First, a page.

A brief chat about conscious business…
This is a great piece of research from CASS Business School. It shows that employee owned companies are at least as resilient as non-EOB’s in good times but have a huge advantage in hard times such as recession, outperforming non-EOB’s in growth, turnover, profits, productivity, etc.
It’s short, to the point and there are graphs and picture to make it easier to digest. So why not have a read…
Someone from a large mobile phone company asked the following question the other day: “What would make Vodafone the home of smartphones?” It’s a question I hear pretty often – I heard it as: “how do we become leaders in such-and-such new technology”?
I posted this reply. I thought you might enjoy it:
Hi Tom, here’s an answer:
Step 1 – Radically redefine the purpose of your company. Maximising stake-holder value is never going to work – because it will never inspire the company’s employees. And to become a leader a company has to have inspired employees. Replace that purpose with another one – to serve your customers and increase the well-being of the employees.
[I used the words stakeholder-value and then half-regretted it. I really meant shareholder-value, because “stakeholders” often will already include customers and staff. I only half-regret it though because I also think that stakeholder-value is often really code for shareholder-value. What is needed is a real re-think of purpose and a change of emphasis – not just fancy word-smithing.]
Step 2 – Change the way the company is structured. Employees will never be happy or inspired in a workplace where a few people at the top wield all the power and earn 20 times more than the customer-facing employees.
In the old days power was concentrated in the hands of the unions and the “bosses”. Nowadays it’s usually just the “bosses”.
Employees, like all of us, need fairness, transparency and a sense of being able to make a difference through what they do. They need to feel they have a fair share of the power.
Step 3 – Change the focus of the company so that it is focussed on what customers want, not what shareholders, or even just the employees, want.
You’re looking for a win-win – a solution where customers get what they want, and employees get what they want – but more as a by-product of pleasing customers.
To find this everyone in the company needs to learn new skills – to learn how to talk to customers in new ways, to really listen and understand them.
Then, having understood what customers want, change the company so that it gives customers what they want.
Customers, for example, don’t want to be shuffled around from department to department. They want to speak to someone who is knowledgeable and can help them with all the problems they may have: billing, contracts, hardware, software, network issues and so on.
This may require reorganising into different groups that stick with clients for a long-time. Customers want personal and meaningful relationships – not call-centre queues.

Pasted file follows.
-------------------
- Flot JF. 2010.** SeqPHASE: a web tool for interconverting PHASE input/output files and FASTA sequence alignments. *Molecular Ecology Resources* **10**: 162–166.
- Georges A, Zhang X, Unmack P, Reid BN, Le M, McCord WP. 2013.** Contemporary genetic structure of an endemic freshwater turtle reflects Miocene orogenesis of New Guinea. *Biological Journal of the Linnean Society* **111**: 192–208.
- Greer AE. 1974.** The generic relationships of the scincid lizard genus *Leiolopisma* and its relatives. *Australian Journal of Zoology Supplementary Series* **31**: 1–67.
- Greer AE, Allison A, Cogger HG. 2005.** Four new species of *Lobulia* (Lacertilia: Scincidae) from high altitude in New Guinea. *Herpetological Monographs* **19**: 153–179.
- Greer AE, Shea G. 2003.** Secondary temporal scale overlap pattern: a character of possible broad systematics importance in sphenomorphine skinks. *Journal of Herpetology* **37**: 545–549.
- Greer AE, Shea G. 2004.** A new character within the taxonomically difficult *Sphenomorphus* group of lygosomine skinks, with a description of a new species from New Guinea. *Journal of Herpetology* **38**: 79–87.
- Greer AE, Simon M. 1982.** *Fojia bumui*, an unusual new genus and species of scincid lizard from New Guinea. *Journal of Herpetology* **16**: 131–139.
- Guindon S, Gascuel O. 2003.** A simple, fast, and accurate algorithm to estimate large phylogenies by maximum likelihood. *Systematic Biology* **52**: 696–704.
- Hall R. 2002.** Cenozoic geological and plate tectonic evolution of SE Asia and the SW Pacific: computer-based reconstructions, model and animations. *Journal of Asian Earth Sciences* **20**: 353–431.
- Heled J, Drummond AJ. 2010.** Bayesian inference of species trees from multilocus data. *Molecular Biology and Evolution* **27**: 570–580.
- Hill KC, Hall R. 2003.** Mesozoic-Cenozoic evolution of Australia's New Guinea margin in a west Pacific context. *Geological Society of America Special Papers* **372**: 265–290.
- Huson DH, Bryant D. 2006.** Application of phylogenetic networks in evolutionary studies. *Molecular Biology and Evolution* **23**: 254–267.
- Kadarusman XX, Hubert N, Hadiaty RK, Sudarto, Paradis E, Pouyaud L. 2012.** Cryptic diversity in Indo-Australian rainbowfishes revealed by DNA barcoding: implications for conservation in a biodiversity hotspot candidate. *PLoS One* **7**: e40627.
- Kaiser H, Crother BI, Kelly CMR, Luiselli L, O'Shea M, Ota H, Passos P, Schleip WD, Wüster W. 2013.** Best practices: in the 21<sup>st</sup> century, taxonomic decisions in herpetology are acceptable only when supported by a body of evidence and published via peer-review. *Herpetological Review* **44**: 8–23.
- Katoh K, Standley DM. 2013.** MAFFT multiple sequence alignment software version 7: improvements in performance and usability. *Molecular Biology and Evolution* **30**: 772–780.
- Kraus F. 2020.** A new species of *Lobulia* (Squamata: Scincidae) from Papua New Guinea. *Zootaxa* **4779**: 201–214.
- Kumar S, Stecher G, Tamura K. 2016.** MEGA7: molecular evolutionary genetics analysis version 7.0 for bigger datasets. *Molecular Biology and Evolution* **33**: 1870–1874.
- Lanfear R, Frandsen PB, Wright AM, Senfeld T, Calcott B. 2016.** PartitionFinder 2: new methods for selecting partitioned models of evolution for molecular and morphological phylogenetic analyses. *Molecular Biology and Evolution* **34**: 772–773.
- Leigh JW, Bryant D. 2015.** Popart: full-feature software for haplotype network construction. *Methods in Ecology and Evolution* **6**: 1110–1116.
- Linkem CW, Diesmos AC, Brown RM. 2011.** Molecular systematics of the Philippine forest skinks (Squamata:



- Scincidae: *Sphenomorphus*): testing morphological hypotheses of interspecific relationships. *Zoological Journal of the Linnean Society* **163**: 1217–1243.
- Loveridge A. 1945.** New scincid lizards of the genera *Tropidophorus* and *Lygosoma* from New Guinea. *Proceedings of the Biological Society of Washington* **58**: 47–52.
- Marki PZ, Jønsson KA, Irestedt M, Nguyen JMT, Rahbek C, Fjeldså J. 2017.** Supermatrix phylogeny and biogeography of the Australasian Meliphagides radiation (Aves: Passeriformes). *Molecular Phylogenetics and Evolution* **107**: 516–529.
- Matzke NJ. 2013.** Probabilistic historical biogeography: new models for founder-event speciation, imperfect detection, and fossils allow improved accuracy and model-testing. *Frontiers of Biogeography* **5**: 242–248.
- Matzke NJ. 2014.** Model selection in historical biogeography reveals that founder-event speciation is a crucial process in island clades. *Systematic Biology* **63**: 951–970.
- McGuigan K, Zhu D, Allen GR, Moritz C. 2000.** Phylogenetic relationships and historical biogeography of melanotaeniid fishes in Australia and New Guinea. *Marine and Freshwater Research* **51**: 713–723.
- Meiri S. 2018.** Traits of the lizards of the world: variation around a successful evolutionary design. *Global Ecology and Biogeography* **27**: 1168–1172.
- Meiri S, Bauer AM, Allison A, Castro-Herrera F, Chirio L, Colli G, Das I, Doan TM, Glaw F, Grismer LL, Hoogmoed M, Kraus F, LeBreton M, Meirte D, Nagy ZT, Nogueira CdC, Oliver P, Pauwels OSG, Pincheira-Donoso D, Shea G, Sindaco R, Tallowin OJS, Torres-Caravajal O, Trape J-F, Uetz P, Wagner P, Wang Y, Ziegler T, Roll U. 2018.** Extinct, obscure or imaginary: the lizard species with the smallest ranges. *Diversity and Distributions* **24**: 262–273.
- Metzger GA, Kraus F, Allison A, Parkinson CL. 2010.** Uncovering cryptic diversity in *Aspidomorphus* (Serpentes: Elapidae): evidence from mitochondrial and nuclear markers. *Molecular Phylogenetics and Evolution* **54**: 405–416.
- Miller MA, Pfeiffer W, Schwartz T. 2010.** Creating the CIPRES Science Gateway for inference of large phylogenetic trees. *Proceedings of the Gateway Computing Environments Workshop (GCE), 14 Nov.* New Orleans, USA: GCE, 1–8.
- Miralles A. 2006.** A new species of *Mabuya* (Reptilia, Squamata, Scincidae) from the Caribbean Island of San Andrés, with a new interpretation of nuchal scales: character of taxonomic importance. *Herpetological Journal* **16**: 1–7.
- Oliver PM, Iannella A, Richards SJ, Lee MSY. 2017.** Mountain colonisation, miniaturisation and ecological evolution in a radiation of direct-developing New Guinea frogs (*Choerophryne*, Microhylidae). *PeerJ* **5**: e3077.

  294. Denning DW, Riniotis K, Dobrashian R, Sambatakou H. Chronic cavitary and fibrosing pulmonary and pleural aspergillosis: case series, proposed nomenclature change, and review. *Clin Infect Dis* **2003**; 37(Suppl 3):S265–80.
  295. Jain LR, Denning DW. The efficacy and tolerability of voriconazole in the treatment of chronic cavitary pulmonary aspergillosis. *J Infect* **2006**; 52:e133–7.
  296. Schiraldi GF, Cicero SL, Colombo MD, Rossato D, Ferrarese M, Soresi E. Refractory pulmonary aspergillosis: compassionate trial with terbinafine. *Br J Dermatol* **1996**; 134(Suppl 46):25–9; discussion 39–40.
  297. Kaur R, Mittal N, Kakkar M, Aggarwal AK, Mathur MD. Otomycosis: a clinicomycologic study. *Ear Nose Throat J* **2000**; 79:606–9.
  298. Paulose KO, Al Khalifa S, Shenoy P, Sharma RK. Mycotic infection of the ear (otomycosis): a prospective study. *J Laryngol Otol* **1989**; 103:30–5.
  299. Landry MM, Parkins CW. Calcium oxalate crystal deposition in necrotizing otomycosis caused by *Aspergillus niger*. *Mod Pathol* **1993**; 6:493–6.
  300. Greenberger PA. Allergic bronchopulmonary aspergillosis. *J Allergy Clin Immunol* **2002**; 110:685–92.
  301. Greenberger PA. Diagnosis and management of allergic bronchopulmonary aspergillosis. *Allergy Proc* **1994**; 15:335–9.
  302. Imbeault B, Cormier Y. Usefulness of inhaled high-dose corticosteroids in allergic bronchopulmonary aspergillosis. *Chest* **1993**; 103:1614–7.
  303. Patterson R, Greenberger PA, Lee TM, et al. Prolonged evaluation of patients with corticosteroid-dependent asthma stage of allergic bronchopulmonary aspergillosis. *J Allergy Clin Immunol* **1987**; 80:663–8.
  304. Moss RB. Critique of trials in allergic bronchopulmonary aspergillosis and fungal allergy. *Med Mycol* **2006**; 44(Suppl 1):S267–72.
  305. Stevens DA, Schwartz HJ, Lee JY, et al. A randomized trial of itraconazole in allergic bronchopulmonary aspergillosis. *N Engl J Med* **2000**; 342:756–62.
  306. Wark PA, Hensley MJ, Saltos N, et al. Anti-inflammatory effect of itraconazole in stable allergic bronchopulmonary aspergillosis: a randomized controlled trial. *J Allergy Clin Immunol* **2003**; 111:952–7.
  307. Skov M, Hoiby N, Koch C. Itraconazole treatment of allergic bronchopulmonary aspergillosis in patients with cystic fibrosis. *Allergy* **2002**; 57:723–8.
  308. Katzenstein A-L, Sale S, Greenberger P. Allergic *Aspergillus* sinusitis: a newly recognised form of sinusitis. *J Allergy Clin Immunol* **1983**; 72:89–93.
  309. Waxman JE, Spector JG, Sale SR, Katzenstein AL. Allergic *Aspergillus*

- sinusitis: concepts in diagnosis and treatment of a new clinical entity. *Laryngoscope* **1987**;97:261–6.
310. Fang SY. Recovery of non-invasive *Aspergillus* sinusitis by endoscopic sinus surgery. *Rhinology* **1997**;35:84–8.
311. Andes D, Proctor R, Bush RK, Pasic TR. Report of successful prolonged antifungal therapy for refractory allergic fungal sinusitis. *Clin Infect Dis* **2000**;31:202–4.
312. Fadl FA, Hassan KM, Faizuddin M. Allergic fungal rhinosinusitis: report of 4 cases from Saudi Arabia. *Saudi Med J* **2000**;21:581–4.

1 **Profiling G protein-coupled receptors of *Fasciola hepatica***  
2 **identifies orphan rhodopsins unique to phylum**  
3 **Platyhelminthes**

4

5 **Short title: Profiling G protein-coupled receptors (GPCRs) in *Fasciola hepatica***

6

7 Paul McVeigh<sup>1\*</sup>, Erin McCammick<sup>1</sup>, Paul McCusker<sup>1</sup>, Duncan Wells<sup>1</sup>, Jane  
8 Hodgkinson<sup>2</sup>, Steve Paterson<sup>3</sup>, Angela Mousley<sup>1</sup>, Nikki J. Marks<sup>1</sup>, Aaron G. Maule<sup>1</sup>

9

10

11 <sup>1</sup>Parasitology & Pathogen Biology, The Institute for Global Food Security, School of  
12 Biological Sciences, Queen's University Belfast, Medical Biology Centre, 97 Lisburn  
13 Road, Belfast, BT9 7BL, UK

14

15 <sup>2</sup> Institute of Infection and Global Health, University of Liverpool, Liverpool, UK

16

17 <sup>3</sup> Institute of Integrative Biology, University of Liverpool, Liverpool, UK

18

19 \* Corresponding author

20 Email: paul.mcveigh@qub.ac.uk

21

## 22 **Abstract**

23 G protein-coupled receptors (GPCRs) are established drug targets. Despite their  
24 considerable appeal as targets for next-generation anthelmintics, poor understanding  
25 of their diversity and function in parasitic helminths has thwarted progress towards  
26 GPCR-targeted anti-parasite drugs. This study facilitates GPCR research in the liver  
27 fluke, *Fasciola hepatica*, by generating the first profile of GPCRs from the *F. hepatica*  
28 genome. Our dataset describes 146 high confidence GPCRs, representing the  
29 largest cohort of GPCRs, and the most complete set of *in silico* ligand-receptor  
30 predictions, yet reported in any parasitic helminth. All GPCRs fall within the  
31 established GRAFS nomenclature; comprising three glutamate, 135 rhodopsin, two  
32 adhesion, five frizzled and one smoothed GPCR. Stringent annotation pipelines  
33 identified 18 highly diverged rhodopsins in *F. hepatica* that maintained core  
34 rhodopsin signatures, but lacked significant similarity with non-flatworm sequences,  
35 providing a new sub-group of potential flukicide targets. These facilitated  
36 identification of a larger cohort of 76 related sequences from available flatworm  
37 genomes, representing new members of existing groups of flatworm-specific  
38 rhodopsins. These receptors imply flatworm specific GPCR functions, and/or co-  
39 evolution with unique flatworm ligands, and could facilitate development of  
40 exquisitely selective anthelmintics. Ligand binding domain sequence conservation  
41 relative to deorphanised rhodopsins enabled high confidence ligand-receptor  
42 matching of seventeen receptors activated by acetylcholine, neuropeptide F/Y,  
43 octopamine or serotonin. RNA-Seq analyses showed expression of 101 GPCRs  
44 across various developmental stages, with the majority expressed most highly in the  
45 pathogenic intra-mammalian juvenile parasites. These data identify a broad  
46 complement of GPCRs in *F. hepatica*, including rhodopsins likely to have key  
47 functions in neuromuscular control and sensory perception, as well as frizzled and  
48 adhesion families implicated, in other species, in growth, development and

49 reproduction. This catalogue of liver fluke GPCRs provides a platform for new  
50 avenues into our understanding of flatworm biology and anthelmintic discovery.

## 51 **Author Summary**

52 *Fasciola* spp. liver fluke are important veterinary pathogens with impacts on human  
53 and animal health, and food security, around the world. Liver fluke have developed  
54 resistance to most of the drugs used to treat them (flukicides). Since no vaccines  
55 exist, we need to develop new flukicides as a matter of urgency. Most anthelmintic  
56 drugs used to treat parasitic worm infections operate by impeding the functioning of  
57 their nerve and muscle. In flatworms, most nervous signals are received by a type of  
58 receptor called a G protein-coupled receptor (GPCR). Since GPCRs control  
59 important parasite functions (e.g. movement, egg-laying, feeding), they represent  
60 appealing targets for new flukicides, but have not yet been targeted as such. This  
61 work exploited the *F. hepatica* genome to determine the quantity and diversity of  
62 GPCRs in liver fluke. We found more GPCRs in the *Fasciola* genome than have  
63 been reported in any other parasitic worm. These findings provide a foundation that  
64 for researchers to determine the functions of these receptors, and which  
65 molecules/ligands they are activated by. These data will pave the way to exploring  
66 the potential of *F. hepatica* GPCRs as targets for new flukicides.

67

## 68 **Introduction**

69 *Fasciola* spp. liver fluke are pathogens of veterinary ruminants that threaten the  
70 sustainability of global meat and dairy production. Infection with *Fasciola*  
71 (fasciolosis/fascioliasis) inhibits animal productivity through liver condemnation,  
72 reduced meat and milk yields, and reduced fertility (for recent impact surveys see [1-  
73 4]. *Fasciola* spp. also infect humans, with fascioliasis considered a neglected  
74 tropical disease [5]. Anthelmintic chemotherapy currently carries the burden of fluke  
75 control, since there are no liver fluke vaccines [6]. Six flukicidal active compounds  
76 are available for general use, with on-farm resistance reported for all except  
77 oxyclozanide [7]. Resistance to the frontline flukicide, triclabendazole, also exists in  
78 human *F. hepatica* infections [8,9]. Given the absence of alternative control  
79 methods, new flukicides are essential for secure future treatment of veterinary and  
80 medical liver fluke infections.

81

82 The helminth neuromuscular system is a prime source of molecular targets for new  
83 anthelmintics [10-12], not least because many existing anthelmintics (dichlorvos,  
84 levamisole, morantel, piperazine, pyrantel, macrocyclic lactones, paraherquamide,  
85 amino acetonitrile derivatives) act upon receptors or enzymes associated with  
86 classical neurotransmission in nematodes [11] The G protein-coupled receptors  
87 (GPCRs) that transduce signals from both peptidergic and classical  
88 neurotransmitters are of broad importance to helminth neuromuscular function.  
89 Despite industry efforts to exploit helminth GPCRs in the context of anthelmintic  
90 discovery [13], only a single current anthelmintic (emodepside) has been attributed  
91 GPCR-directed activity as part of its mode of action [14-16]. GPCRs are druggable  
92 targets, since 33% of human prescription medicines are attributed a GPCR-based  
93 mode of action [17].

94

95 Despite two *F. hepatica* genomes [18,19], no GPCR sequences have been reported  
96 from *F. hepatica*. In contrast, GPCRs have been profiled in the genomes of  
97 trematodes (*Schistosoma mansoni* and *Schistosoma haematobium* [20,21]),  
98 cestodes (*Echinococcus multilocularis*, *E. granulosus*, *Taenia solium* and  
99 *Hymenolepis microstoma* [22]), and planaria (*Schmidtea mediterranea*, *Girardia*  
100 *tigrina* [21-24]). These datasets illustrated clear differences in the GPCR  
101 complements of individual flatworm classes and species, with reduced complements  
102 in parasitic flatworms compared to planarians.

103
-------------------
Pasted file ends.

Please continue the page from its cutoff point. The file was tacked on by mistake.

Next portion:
Giving clients what they want isn’t rocket-science. Once you realise that what they want isn’t rocket-science either. Customers want what all human beings want: respect, honesty, trusting relationships and so on.
This approach will, I believe, lead to leadership and success for your company – in smart phones and anything else you turn your hands to. Customers will become happier and more loyal, revenues and profitability will rise, the company will be able to pay everyone better, and train and support everyone better.
Is this vision hopelessly naïve? Well, there are companies out there doing this already if you look, which suggests that even if I am assuming things can get better, I am not the only one; there are others out there who believe it and are proving it every day.
The biggest problem that these successful progressive companies seem to have is being killed off by their success. They get good at all of the above, and other bigger companies buy them and destroy them and their culture.
So if you embark on this journey a fourth step (or maybe it should be step zero) is to choose a set of managers who really buy into all this and won’t sell you down the river later on. I’d recommend exploring employee share ownership as a way of ensuring you can hang on to your rights.
And, finally, what do you do if you are the single employee in a corporation of a hundred thousand who reads this and believes it? How on earth can you start to make this happen, alone?
The answer is simple actually: start with you.
Firstly, think or feel your way into this stuff – is it better than what you have right now?
Secondly, if so, decide to make it happen. Commit to not giving up at the first hurdle.
Thirdly, seek allies – in your company or else where. Use social networks – that’s what they’re for.
Fourthly, learn those new skills of communication and start doing the customer service bit with your existing customers. This will prove to the cynics and skeptics that this can work. That customer happiness and loyalty rise.